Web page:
By Siegfrid Alegado and Andreo Calonzo
Christmas is usually when Ajr Gie de Guzman gives the children in her family up to 2,000 pesos ($42), a traditional cash gift in the Philippines known as “aguinaldo.” But after taking a buyout from her job as a hotel sales executive amid the coronavirus crisis, there won’t be such cheer this season.
“Since the pandemic started, I’ve been very strict about spending my money,” said de Guzman, who’s now selling bags and perfumes online. “I will have to tell the kids that I’m sorry, and they will have to wait for next year for their gifts.”
That kind of scrimping is being repeated across the Philippines, where consumer confidence this year plunged to a record low, threatening a recovery in a nation where household spending represents more than 70% of the economy.
Already home to Southeast Asia’s deepest economic slump, the Philippines is tipped by analysts to lag the region’s rebound.
“The recovery will be slow and difficult,” said Alex Holmes, economist at Capital Economics Ltd. “Business insolvencies, weaker household balance sheets and high unemployment will weigh heavily on demand for many months to come.”
The Philippines’ slide in private consumption was among the biggest among major Southeast Asian nations last quarter, according to data compiled by Bloomberg. Filipinos aren’t purchasing non-essential goods from clothing to cigarettes, said Economic Planning Undersecretary Rosemarie Edillon, and they aren’t dining out despite looser virus restrictions.
While the nationwide jobless rate eased to 10% in July from April’s record, it rose in the Manila capital region, which represents about one-third of the economy. As well, the number of Filipinos working less than 40 hours rose 53% during the period. With millions jobless and business operations still limited, it will be challenging to encourage consumers to spend this quarter, Edillon said.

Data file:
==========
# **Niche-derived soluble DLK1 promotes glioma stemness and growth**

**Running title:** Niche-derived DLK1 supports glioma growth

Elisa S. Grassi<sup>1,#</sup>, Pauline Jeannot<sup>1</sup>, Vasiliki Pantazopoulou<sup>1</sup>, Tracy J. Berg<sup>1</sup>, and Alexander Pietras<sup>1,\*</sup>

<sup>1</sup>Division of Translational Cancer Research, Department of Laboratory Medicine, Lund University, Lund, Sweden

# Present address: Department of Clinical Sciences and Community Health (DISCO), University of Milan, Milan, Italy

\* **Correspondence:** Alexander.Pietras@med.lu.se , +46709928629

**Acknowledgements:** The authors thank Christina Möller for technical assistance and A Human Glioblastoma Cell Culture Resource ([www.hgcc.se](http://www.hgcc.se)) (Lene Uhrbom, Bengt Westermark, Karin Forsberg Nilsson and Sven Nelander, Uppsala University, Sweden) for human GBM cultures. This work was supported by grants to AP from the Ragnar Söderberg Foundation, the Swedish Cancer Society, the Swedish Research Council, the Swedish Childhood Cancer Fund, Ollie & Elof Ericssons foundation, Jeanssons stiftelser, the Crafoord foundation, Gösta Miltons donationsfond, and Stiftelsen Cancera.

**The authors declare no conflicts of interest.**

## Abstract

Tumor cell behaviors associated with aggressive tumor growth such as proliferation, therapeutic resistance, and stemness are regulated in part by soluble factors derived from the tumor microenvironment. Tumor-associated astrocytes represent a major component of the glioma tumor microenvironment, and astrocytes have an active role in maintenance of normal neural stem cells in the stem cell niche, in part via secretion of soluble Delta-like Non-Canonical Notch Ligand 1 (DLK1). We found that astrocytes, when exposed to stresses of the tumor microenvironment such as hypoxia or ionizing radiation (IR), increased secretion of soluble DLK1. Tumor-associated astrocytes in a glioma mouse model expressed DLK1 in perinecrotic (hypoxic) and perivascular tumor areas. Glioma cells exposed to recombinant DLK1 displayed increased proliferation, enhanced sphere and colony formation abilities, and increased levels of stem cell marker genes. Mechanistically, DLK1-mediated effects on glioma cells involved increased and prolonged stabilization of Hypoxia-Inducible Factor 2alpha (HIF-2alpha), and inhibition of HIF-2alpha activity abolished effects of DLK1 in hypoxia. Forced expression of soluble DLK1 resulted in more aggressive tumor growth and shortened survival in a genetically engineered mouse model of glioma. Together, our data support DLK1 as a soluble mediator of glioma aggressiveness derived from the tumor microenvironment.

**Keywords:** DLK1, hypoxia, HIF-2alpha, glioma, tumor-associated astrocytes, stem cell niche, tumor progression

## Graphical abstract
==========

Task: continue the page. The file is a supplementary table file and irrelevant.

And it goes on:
“Household income has been eroded,” the nation’s inter-agency Financial Stability Coordination Council said in a report released Nov. 18, citing lost time at work. “There is also the question of whether the cash flows can be reinstated in the future.”
Last year, 32-year-old Edward Almeda left an advertising job to start a small food business. While orders still flowed after restrictions to fight the pandemic were put in place, competition has since stiffened, he said, as customers skimped and the jobless turned to home-based businesses for money.
“I’m now wiser about spending,” Almeda said. To help save money, he said he’s unsubscribed from streaming services like Netflix and Spotify and has canceled his credit cards.
To support the economy, the government is further easing curbs on movement as the increase in daily infections slows. The central bank has also lowered its key interest rate by 2 percentage points this year and boosted money supply. But analysts and businessmen say the country needs more fiscal stimulus.
“Unless fiscal spending is unleashed, domestic demand will remain soft,” said Eugenia Victorino, Asia strategist at Skandinaviska Enskilda Banken AB in Singapore. A series of typhoons which hit the main island of Luzon will put more pressure on growth, she said.
The government has been reluctant to marshal fiscal stimulus, citing the need to protect the nation’s credit ratings. Instead, it plans to cut corporate income taxes to spur growth. President Rodrigo Duterte’s also pinning his hopes on a vaccine, with the government in talks with pharmaceutical companies to secure doses.
Almeda, who’s been seeking a graphic design job for months, isn’t optimistic.
“It’s really hard to look for work now,” he said. “This is looking like a long crisis.”
© 2020 Bloomberg L.P.